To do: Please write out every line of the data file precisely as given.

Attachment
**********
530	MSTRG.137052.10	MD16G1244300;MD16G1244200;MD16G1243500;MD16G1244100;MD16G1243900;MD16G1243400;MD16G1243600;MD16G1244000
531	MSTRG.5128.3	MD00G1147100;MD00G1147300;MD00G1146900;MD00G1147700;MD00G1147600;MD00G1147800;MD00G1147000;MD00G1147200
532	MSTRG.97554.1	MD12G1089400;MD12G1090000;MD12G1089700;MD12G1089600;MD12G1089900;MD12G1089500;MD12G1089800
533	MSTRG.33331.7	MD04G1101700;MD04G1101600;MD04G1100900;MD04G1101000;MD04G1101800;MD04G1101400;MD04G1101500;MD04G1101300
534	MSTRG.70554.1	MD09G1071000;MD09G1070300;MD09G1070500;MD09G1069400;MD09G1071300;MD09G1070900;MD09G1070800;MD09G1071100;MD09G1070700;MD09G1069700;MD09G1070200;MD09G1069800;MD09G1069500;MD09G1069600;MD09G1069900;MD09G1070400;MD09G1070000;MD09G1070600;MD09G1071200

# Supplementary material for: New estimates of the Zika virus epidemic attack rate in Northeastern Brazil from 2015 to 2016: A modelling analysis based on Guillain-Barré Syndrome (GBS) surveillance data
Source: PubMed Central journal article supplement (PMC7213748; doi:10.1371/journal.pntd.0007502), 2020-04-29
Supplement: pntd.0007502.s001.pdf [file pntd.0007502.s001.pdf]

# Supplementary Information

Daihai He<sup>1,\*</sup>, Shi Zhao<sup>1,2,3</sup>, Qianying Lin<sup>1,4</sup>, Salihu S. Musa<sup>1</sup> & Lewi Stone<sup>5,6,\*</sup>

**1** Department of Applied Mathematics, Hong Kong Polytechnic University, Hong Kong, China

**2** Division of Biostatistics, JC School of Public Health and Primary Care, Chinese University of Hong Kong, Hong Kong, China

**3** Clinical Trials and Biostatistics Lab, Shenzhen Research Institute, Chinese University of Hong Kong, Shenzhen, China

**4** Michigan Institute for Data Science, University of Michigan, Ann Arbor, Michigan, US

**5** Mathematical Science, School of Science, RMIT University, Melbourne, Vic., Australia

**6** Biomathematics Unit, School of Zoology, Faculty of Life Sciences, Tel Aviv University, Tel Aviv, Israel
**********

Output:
530	MSTRG.137052.10	MD16G1244300;MD16G1244200;MD16G1243500;MD16G1244100;MD16G1243900;MD16G1243400;MD16G1243600;MD16G1244000
531	MSTRG.5128.3	MD00G1147100;MD00G1147300;MD00G1146900;MD00G1147700;MD00G1147600;MD00G1147800;MD00G1147000;MD00G1147200
532	MSTRG.97554.1	MD12G1089400;MD12G1090000;MD12G1089700;MD12G1089600;MD12G1089900;MD12G1089500;MD12G1089800
533	MSTRG.33331.7	MD04G1101700;MD04G1101600;MD04G1100900;MD04G1101000;MD04G1101800;MD04G1101400;MD04G1101500;MD04G1101300
534	MSTRG.70554.1	MD09G1071000;MD09G1070300;MD09G1070500;MD09G1069400;MD09G1071300;MD09G1070900;MD09G1070800;MD09G1071100;MD09G1070700;MD09G1069700;MD09G1070200;MD09G1069800;MD09G1069500;MD09G1069600;MD09G1069900;MD09G1070400;MD09G1070000;MD09G1070600;MD09G1071200

# Supplementary material for: New estimates of the Zika virus epidemic attack rate in Northeastern Brazil from 2015 to 2016: A modelling analysis based on Guillain-Barré Syndrome (GBS) surveillance data
Source: PubMed Central journal article supplement (PMC7213748; doi:10.1371/journal.pntd.0007502), 2020-04-29
Supplement: pntd.0007502.s001.pdf [file pntd.0007502.s001.pdf]

# Supplementary Information

Daihai He<sup>1,\*</sup>, Shi Zhao<sup>1,2,3</sup>, Qianying Lin<sup>1,4</sup>, Salihu S. Musa<sup>1</sup> & Lewi Stone<sup>5,6,\*</sup>

**1** Department of Applied Mathematics, Hong Kong Polytechnic University, Hong Kong, China

**2** Division of Biostatistics, JC School of Public Health and Primary Care, Chinese University of Hong Kong, Hong Kong, China

**3** Clinical Trials and Biostatistics Lab, Shenzhen Research Institute, Chinese University of Hong Kong, Shenzhen, China

**4** Michigan Institute for Data Science, University of Michigan, Ann Arbor, Michigan, US

**5** Mathematical Science, School of Science, RMIT University, Melbourne, Vic., Australia

**6** Biomathematics Unit, School of Zoology, Faculty of Life Sciences, Tel Aviv University, Tel Aviv, Israel